Behavioural nudges have done tremendous good for society. The many examples provided in the classic book “Nudge” by Cass Sunstein and Richard Thaler show how nudges are able to exploit our human tendency to opt for the default selection when confronted with a wide range of options or our “laziness” to change a selection made in the past. If done right, these nudges can steer consumers in the right direction towards saving more for retirement (e.g. through the save more tomorrow scheme, where retirement contributions start small and then automatically increase over time) or towards better investment portfolios (e.g. by making a target date fund the default choice for a retirement portfolio).
But of course, every scientific discovery gets abused if one can make money with it and marketers around the world are increasingly using nudges to trick us into buying stuff we don’t need. Why do you think we have to walk through every section of an Ikea furniture store before we reach the cashier? And in particular, why do you think there are small, cheap and “useful items piled up in the last room before we get to the cashier? Why do supermarkets have candy bars and sweets next to the cashier, right when your toddler has reached maximum boredom and threatens to throw a fit if he does not get a candy bar soon?
And if you book a hotel room online or go to online supermarkets, why are there constant reminders that there are “only two rooms left” or this discount is only available for a limited time? These are all nudges markets use to sell us crap we don’t need. I for one have had what I call “the Ikea experience” way too often: You go to Ikea planning to buy a new pillow and you come back home with a car full of plants, new dishes, three carpets and a new bed delivered in two days’ time. And of course, every time I hate myself for buying these things, but then again, they are really good value…
But interestingly, these nudges, seem to work less and less over time. The more often I went to Ikea, the better I knew where one can take shortcuts in the store to skip a few rooms. And going to an Ikea store with a shopping list and then rushing through the store without looking left and right helps avoid buying stuff I don’t need. In online shops, I have learned to ignore the warnings that a discount is only available for a limited time or that a flight has only two seats left. In fact, research by marketing firm Trinity McQueen amongst British consumers recently showed that such “scarcity tactics” by travel websites are interpreted by 65% of people as sales pressure and only 16% of consumers believed these claims were true.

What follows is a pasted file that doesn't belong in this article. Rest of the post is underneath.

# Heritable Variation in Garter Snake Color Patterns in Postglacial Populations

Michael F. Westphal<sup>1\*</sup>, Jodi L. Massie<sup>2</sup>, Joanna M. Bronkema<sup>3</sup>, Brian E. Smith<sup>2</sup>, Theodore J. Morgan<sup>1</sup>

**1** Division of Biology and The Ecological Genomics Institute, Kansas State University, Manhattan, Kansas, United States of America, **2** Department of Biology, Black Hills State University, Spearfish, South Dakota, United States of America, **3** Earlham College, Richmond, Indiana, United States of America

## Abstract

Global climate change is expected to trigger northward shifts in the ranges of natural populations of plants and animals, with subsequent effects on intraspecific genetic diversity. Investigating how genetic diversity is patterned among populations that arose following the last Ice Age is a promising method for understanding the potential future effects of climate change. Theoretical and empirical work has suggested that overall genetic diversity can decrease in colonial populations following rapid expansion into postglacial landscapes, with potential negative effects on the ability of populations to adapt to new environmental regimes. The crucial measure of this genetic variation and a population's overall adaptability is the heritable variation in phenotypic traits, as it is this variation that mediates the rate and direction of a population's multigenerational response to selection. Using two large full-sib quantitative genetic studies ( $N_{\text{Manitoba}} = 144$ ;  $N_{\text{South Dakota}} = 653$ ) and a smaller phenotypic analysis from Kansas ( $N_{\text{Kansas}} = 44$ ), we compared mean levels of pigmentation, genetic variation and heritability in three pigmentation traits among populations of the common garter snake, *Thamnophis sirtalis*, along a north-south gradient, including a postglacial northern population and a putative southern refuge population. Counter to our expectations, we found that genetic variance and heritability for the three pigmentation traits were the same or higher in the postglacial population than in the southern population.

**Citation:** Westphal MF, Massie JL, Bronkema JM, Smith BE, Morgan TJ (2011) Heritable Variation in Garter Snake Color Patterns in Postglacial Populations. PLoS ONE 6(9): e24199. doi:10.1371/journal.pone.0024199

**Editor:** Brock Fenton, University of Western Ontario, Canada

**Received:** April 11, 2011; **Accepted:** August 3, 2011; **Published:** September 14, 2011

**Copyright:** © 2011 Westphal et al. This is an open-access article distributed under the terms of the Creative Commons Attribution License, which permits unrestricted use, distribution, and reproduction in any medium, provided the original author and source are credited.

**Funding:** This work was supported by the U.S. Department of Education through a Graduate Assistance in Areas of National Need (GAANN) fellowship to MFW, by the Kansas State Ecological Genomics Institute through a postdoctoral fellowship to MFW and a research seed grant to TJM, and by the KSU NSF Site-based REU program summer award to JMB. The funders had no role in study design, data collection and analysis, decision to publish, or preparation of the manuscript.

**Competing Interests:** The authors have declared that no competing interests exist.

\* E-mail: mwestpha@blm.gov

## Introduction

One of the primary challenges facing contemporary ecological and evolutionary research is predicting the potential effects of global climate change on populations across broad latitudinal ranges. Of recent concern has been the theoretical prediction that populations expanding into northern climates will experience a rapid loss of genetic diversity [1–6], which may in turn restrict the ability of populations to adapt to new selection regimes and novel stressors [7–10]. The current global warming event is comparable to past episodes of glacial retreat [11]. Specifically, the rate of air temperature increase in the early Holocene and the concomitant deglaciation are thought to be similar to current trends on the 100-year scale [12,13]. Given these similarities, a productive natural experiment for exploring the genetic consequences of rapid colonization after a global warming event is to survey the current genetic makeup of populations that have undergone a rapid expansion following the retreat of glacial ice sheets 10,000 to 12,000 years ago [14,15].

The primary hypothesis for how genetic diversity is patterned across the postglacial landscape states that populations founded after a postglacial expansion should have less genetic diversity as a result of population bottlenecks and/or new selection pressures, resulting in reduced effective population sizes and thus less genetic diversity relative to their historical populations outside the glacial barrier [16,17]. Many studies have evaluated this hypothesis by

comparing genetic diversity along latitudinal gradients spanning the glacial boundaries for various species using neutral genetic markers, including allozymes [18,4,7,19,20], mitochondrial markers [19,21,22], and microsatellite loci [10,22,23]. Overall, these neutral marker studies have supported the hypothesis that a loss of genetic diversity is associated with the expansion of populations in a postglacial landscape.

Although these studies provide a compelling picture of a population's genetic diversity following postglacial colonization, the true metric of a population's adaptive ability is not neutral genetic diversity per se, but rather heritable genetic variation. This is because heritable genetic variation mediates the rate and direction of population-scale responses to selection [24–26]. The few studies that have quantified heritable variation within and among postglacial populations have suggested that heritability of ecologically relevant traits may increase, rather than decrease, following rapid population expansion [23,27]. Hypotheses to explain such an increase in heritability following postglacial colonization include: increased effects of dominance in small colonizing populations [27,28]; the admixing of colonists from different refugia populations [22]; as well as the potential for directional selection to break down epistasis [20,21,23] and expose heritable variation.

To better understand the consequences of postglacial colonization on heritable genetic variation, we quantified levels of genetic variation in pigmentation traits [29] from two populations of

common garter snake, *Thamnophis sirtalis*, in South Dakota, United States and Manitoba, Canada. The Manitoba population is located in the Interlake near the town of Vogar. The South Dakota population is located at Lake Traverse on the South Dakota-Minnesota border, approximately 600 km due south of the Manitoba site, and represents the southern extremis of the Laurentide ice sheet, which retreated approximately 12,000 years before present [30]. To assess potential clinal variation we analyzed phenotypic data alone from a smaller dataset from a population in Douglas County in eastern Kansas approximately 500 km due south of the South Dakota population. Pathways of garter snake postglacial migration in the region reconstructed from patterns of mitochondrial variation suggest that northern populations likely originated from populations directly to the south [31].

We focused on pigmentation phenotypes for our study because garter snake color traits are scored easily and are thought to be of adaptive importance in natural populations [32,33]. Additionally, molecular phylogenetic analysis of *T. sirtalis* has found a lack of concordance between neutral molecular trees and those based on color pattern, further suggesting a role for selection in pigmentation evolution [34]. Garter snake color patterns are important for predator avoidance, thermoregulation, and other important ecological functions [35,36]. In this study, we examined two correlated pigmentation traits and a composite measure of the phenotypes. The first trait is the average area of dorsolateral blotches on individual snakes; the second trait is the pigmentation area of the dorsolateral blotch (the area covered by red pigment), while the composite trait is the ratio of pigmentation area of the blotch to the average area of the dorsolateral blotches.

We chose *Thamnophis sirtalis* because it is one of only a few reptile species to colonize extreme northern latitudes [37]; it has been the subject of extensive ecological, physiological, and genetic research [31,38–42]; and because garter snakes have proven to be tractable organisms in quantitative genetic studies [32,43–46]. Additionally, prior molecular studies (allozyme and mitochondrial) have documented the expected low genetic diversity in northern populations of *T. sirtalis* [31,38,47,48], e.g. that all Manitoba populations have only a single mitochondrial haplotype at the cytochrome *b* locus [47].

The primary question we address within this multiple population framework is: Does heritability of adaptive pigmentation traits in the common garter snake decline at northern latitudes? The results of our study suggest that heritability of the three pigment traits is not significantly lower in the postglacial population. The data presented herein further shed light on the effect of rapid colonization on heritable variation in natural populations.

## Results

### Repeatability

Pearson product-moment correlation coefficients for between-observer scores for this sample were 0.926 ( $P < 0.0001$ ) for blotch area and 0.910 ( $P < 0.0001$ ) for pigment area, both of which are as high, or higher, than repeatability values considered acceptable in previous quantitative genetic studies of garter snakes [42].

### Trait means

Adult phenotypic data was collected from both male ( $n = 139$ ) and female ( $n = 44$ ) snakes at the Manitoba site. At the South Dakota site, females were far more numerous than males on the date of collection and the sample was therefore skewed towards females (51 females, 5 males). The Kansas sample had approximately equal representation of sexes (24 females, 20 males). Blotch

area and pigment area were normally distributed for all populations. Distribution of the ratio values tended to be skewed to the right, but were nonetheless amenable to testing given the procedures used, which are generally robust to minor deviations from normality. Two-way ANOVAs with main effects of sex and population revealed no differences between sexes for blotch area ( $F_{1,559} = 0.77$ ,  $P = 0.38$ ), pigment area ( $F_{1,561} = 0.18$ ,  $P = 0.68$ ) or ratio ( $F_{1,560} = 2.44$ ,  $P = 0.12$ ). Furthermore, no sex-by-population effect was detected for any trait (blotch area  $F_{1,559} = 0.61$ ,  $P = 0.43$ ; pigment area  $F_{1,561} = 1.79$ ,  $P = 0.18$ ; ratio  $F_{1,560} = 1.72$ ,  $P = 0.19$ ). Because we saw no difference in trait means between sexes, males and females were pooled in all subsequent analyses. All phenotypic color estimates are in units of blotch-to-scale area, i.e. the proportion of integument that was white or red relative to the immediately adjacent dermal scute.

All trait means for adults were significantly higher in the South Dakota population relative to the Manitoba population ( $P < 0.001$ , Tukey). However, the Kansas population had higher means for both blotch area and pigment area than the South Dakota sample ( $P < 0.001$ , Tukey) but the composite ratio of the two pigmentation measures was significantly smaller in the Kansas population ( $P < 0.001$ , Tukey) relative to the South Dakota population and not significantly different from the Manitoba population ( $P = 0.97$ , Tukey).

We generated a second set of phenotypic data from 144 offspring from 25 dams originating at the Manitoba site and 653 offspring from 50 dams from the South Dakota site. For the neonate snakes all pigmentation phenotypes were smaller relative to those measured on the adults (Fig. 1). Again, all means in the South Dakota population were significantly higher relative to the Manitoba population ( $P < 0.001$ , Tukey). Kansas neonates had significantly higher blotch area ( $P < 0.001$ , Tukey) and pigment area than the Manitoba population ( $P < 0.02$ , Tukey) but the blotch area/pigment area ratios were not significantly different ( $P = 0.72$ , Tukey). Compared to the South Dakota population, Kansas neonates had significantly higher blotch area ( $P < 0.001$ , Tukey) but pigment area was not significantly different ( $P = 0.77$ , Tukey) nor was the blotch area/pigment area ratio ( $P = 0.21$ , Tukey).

As nudges become more widespread their efficacy seems to decay. Thus, efforts, such as those by Facebook to use neuroscience to identify neural triggers for our desires to hook people to specific services may be less effective over time. And, more importantly, they may increasingly undermine public trust in these companies and create a backlash amongst consumers. Nobody likes to be manipulated, and if the manipulation becomes obvious, we tend to shun the company that tries to manipulate us. Thus, the current tech backlash may widen into a broader consumer backlash against all kinds of nudges and marketing efforts. Instead, we look increasingly for authenticity in our lives. Authentic behaviour is building trust between companies and its customers. If your sales representatives come across as well-trained and working according to a predefined sales script they may sell less than a salesperson who talks like a normal person and is transparent about the flaws and shortcomings of a product or a service, not just its benefits.
And when a company has made mistakes in the past, like Facebook and Twitter by promoting fake news and propaganda via its algorithms (which are nothing more than sophisticated nudges) they can react in two ways. They can come up with a lame apology and try to implement minimal fixes so that advertising revenues don’t decline too much. Or they can stand in front of the public, offer a sincere apology, promise to do better in the future and subject themselves to public oversight by making their algorithms transparent to the public and fundamentally changing their business practices. The first course of action will keep profits intact in the short term at the risk of being abandoned by customers in the long run. The second course of action will increase costs in the short term with the benefit of creating a sustainable business that customers trust. It’s a sign of our times that most businesses will choose the short-term fix and thus put themselves out of business in the long run.
Reactions to sales nudges such as “only 2 rooms left” etc.
Source: Trinity McQueen.